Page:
[CIS India, Link (CC-BY)] India is one of the few countries which permits patenting of software – a monopolization that has only benefited established corporations and largely throttled innovation in the software industry, worldwide. CIS has consistently advocated against patentablity of software and in a major victory last week, software patenting in India died a little more. This happened via the newly issued Guidelines for the Examination of Computer Related Inventions, which introduces a new test to restrict software patenting – in essence the same legal test that CIS had been proposing since 2010. This post highlights the new test and other noteworthy changes in the Guidelines.
When the Guidelines for examination of Computer Related Inventions(“ 2015 Guidelines”) were released last year, it became obvious that they would have an adverse impact on innovation in the Indian software industry. Further, the 2015 Guidelines were legally defective since they ran counter to the object of Section 3(k) of the Patents Act, 1970, which is to unconditionally exclude mathematical and business methods, computer programs per se, and algorithms from patentable subject matter. To stop and prevent egregious harms, civil society organisations collectively wrote to the Prime Minister’s Office flagging off the defects and requested for a recall of the Guidelines. In December 2015, the Indian Patent Office promptly recalled the 2015 Guidelines and held a consultation to discuss the concerns raised in the letter.
Based on submissions by various stakeholders, the Patent Office released a new set of Guidelines(“Guidelines”), which are not only a staggering improvisation from all previous versions, but also introduce a new three step test to determine applicability of section 3(k), an area of Indian patent law that has been notoriously full of uncertainties:
5. Tests/ Indicators to determine Patentability of CRIs (“Computer Related inventions”):
Examiners may rely on the following three stage test in examining CRI applications:
(1) Properly construe the claim and identify the actual contribution;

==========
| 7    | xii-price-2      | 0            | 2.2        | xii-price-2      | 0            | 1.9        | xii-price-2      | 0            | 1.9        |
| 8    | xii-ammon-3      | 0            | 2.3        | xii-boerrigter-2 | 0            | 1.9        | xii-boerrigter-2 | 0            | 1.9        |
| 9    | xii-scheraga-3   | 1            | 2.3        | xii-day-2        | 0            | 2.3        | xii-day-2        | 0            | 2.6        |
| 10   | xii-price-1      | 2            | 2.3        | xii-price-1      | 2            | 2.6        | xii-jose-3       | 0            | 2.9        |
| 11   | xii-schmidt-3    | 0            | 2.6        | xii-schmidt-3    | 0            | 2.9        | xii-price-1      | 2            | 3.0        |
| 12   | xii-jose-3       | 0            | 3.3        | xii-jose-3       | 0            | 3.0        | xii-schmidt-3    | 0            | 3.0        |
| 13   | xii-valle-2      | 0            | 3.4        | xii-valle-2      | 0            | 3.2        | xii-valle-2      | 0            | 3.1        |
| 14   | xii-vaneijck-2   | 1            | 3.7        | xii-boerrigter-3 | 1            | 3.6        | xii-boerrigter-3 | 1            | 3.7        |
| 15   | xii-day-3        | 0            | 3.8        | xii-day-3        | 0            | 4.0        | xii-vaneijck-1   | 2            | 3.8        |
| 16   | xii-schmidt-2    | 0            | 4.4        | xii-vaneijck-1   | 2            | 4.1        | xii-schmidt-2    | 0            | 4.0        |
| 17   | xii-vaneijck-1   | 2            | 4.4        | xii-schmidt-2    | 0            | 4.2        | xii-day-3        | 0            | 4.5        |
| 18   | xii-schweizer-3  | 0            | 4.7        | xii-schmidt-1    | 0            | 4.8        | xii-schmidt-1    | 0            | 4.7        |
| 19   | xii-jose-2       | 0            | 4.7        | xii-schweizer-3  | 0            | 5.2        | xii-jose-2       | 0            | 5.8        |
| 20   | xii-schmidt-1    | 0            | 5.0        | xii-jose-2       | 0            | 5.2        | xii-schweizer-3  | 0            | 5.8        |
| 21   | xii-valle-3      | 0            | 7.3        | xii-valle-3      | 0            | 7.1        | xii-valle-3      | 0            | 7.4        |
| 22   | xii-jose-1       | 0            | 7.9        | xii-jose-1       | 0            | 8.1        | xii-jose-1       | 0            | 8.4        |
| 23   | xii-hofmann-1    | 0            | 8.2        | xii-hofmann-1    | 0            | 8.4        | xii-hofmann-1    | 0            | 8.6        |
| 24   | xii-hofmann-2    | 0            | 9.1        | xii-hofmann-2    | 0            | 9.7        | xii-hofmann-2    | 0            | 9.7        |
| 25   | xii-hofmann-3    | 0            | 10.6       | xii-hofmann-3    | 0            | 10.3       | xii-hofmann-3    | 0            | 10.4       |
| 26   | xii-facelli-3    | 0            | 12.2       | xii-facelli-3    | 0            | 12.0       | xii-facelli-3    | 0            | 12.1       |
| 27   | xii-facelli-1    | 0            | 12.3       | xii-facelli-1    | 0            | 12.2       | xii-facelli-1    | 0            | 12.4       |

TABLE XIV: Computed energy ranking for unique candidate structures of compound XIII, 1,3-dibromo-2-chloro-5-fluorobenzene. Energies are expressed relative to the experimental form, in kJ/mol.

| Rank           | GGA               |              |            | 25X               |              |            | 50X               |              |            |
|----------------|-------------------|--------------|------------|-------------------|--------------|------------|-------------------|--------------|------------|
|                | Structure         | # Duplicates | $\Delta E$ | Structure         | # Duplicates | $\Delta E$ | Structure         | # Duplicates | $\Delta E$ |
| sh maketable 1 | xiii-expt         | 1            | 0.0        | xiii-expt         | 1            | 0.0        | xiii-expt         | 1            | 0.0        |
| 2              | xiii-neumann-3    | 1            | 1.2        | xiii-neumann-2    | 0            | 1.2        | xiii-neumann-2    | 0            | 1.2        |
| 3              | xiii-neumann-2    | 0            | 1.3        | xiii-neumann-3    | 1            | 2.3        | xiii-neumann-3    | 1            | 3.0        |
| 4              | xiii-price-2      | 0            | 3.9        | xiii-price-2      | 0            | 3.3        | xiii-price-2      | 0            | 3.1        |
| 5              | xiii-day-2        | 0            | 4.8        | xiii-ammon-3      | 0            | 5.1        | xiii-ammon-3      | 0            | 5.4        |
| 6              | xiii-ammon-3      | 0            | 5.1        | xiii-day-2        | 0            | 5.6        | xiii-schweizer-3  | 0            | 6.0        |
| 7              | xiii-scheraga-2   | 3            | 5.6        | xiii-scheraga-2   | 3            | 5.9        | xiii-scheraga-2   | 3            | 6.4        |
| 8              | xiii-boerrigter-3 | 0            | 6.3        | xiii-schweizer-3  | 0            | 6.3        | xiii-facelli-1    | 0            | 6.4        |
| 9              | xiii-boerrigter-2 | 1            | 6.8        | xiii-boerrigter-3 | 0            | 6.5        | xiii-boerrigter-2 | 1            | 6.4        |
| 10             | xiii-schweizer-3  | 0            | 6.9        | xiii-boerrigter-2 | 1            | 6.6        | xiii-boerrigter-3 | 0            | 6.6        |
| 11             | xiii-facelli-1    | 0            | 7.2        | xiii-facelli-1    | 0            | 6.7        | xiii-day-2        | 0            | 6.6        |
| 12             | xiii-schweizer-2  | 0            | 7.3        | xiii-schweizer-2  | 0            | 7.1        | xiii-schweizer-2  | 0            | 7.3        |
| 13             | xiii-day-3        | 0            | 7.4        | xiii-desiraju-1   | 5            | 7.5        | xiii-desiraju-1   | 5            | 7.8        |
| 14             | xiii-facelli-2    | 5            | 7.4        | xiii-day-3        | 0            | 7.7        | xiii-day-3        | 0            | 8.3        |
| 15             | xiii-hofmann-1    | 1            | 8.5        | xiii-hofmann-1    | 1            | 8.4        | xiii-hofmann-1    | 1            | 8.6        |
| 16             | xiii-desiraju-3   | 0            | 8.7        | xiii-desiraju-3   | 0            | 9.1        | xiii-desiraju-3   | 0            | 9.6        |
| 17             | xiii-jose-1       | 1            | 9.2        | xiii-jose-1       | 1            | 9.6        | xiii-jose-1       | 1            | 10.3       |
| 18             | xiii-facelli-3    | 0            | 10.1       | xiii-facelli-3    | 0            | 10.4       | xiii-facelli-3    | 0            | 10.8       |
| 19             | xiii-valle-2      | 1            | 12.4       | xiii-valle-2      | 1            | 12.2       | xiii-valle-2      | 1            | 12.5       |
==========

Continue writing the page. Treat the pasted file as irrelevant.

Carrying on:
(2) If the contribution lies only in mathematical method, business method or algorithm, deny the claim;
(3) If the contribution lies in the field of computer programme, check whether it is claimed in conjunction with a novel hardware and proceed to other steps to determine patentability with respect to the invention. The computer programme in itself is never patentable. If the contribution lies solely in the computer programme, deny the claim. If the contribution lies in both the computer programme as well as hardware, proceed to other steps of patentability.
CIS had proposed the exact same test in its earlier submissions(2010) to the Patent Office, albeit worded differently. We submitted:
“We propose a new part to the above test to make the clause clearer. The Manual should specify that “the computer programme portions of any claimed invention should be treated as if it were covered by prior art and patentability should thus be determined with respect to the other features of the invention”. This way, we can ensure that an invention which merely uses or implements a computer programme is not granted patent on the basis of the inventiveness of the computer programme per se.”
Further, the Guidelines also recognise that CRIs may fall under sections 3(k), 3(l), 3(m) and 3(n):
2.2. The Patents (Amendment) Act, 2002 also introduced explicit exclusions from patentability under section 3 for CRIs as under:
3(k) a mathematical or business method or a computer programme per se or algorithms;
(l) a literary, dramatic, musical or artistic work or any other aesthetic creation whatsoever including cinematographic works and television productions;
(m) a mere scheme or rule or method of performing mental act or method of playing game;
(n) a presentation of information;
And thus CRIs as such cannot be patentable, if they fall in either of the above mentioned exclusions. Overall, the new Guidelines offer more clarity and stick to the Patents Act, 1970’s intention of disqualifying patentability of computer programmes per se. We will soon post a detailed analysis of the Guidelines. In the meantime, you may read CIS’ research on the subject in the section below.
CIS’ Research and Submissions against Software Patenting
Over the past years, CIS has produced research and consistently made submissions advocating the roll- back of software patenting:
CIS’ submission to Indian Patent Office on Examples of Excluded Patentable subject-matter under Section 3(k) for incorporation in the yet-to-be-released Guidelines for Computer Related Inventions, 2016